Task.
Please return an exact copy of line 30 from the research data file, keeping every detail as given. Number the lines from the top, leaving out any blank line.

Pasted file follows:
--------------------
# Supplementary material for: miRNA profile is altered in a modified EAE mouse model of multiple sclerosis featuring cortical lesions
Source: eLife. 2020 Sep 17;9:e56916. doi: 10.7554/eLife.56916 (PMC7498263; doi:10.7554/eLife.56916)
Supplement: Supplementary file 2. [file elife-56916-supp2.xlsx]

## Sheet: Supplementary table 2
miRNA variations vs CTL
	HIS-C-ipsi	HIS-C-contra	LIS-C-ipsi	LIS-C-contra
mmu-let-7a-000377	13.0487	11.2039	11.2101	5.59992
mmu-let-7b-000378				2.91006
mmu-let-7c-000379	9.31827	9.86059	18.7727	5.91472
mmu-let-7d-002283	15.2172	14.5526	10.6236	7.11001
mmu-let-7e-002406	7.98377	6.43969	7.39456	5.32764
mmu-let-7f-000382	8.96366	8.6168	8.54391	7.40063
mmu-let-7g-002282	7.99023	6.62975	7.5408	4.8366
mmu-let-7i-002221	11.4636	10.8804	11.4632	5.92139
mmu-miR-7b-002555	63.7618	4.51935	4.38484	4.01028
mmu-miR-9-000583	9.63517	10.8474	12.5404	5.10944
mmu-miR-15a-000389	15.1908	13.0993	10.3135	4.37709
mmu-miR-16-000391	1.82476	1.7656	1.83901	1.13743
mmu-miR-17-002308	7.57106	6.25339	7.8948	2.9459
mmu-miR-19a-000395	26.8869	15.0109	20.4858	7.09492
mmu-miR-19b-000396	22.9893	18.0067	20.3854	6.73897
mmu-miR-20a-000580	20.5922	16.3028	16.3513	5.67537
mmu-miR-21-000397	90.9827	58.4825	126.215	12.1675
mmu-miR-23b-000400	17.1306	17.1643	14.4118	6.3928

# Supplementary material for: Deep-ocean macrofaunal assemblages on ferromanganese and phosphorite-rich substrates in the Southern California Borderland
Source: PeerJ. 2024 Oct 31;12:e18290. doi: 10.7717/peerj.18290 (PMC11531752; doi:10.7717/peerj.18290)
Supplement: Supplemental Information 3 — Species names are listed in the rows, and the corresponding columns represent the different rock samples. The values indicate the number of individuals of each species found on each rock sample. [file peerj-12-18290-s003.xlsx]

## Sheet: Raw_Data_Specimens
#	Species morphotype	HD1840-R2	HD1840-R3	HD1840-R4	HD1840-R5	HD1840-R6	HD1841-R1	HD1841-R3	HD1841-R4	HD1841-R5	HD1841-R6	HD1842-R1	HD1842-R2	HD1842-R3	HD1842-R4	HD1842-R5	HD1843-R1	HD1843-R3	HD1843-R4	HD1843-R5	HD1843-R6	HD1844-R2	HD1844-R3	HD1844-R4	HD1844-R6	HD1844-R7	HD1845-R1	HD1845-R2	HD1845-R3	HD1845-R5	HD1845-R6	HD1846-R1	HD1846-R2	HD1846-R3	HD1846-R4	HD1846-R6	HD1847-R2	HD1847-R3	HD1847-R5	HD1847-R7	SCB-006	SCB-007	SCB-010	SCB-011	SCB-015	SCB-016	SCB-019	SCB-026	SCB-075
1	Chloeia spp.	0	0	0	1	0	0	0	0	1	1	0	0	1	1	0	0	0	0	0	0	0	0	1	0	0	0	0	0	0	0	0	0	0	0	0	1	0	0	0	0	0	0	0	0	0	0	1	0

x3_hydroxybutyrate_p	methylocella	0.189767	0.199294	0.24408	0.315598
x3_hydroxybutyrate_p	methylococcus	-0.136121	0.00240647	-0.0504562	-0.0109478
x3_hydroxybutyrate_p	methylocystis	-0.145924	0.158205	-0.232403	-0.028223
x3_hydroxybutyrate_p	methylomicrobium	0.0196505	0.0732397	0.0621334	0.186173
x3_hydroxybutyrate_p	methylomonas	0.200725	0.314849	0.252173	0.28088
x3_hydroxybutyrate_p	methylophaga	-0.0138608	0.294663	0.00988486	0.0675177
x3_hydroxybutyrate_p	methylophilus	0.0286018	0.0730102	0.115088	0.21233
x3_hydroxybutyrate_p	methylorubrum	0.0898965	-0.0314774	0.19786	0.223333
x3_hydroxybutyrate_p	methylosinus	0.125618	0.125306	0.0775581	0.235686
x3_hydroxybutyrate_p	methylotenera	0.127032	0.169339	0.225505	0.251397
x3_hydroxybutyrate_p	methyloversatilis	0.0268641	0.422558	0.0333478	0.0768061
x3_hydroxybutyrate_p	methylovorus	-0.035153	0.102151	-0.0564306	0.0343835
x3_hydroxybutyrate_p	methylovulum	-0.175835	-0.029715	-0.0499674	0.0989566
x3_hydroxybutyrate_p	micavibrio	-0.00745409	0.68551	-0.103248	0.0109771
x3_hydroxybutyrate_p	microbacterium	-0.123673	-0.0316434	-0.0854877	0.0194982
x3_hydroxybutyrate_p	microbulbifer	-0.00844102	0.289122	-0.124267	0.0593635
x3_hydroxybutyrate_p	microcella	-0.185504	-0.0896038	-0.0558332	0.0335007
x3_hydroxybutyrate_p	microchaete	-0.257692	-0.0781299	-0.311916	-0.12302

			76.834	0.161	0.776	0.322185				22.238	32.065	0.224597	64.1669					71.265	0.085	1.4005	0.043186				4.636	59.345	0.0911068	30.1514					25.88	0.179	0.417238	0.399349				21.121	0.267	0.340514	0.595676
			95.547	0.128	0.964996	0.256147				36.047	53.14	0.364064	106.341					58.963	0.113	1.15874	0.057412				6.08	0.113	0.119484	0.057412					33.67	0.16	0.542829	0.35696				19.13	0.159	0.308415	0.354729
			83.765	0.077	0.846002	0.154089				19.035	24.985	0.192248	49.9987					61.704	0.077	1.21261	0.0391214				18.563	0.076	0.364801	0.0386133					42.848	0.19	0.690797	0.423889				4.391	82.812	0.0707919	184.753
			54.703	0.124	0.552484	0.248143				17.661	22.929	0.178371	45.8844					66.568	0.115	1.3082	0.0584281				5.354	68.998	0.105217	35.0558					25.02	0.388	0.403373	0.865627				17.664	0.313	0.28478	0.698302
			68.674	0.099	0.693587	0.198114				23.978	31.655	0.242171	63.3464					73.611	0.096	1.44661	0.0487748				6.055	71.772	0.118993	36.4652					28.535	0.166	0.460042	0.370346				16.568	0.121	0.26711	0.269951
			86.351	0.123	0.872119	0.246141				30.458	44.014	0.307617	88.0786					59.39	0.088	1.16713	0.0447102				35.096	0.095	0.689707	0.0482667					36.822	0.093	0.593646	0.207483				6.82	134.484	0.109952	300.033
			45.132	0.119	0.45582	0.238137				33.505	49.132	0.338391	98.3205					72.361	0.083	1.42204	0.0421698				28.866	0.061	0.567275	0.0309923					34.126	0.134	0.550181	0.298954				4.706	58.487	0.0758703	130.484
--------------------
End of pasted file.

1	Chloeia spp.	0	0	0	1	0	0	0	0	1	1	0	0	1	1	0	0	0	0	0	0	0	0	1	0	0	0	0	0	0	0	0	0	0	0	0	1	0	0	0	0	0	0	0	0	0	0	1	0